So, we anticipate with great fervor his passing. I know, I know, he isn’t dead, just forgotten if not yet gone.

Maybe soon we can again take pride in being American, instead of keeping one eye on Canada, hoping it’s still open. When we traveled extensively, during the 1960s and 1970s, it was really nice being an American, carrying an American passport.  Even during the worst of the Vietnam Mistake, it was still ok to be American. People understood, even if they disagreed. Maybe we can return to that period. We don’t need to pretend to know everything, or to be right about everything. The rest of the world is all grown up about that. Sometimes we’re right and sometimes we’re wrong.  They know that, we should know that also. So, sometimes, we need to listen to lectures, and take heed in someone else’s wisdom.

We live in a spectacularly beautiful country, and we are a mostly moral and good people. We’ve allowed ourselves to be led astray over the past 20 or 30 years. It’s time to eat some humble pie and regain our ethical compass. It’s coming; a good period I think and hope.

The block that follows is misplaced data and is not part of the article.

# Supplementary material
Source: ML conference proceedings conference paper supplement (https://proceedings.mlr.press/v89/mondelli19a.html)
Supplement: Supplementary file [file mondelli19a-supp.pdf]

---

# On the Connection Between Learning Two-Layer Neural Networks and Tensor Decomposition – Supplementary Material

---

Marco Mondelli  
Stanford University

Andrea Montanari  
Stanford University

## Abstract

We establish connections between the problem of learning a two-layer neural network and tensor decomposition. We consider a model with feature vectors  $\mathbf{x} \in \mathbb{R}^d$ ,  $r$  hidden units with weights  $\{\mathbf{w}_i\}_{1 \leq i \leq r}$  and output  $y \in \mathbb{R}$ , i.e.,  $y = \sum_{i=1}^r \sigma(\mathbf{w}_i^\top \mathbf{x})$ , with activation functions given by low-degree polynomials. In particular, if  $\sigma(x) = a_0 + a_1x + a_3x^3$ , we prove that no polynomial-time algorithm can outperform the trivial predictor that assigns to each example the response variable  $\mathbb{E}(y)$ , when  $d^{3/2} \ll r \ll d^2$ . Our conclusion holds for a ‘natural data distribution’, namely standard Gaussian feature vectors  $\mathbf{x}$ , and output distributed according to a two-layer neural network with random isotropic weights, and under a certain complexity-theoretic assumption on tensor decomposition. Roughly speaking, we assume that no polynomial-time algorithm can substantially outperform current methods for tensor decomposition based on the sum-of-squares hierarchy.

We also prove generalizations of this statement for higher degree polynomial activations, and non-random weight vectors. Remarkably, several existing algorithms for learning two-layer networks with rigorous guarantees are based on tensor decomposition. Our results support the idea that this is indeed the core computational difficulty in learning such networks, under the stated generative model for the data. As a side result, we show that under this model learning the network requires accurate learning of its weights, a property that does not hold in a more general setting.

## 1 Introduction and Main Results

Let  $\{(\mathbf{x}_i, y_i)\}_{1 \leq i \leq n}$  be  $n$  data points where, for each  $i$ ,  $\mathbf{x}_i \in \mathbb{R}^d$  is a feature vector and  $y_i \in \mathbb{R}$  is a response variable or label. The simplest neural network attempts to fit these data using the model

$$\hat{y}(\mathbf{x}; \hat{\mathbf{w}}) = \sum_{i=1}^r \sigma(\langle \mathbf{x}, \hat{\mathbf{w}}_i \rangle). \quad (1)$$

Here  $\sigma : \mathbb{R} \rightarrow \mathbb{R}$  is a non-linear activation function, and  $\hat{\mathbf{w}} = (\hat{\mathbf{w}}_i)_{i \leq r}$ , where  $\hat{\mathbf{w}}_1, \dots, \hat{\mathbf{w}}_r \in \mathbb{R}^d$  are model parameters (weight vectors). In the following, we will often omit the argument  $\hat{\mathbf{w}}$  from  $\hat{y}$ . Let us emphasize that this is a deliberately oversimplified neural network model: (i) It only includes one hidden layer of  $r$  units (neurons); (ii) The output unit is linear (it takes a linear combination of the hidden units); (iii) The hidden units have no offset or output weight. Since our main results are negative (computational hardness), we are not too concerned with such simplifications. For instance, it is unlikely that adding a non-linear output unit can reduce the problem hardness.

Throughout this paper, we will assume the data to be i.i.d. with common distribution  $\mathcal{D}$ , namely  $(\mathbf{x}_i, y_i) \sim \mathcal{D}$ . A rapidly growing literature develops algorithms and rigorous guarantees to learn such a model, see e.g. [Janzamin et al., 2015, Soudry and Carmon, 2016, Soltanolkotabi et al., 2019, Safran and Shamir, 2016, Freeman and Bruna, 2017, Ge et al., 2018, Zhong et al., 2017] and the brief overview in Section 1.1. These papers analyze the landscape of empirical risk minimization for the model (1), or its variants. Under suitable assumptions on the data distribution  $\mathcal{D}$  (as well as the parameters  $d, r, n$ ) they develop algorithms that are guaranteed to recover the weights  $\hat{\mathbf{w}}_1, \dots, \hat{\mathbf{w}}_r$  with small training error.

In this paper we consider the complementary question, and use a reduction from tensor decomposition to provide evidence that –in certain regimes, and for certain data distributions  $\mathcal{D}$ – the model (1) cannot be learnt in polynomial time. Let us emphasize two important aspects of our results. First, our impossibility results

Sunday, January 4, 2009

Hotels on the Moon

A hotel on the moon within fifty years. That’s the prediction of a NASA official, in a recent interview on NPR. A hotel on the moon, hopefully not Motel Six. And the moon base will rely on what she called “in situ” materials for supplies of things like oxygen and water; that is, they will generate their own water and air from locally available materials. Then there’s always Mars, which already has a thin atmosphere.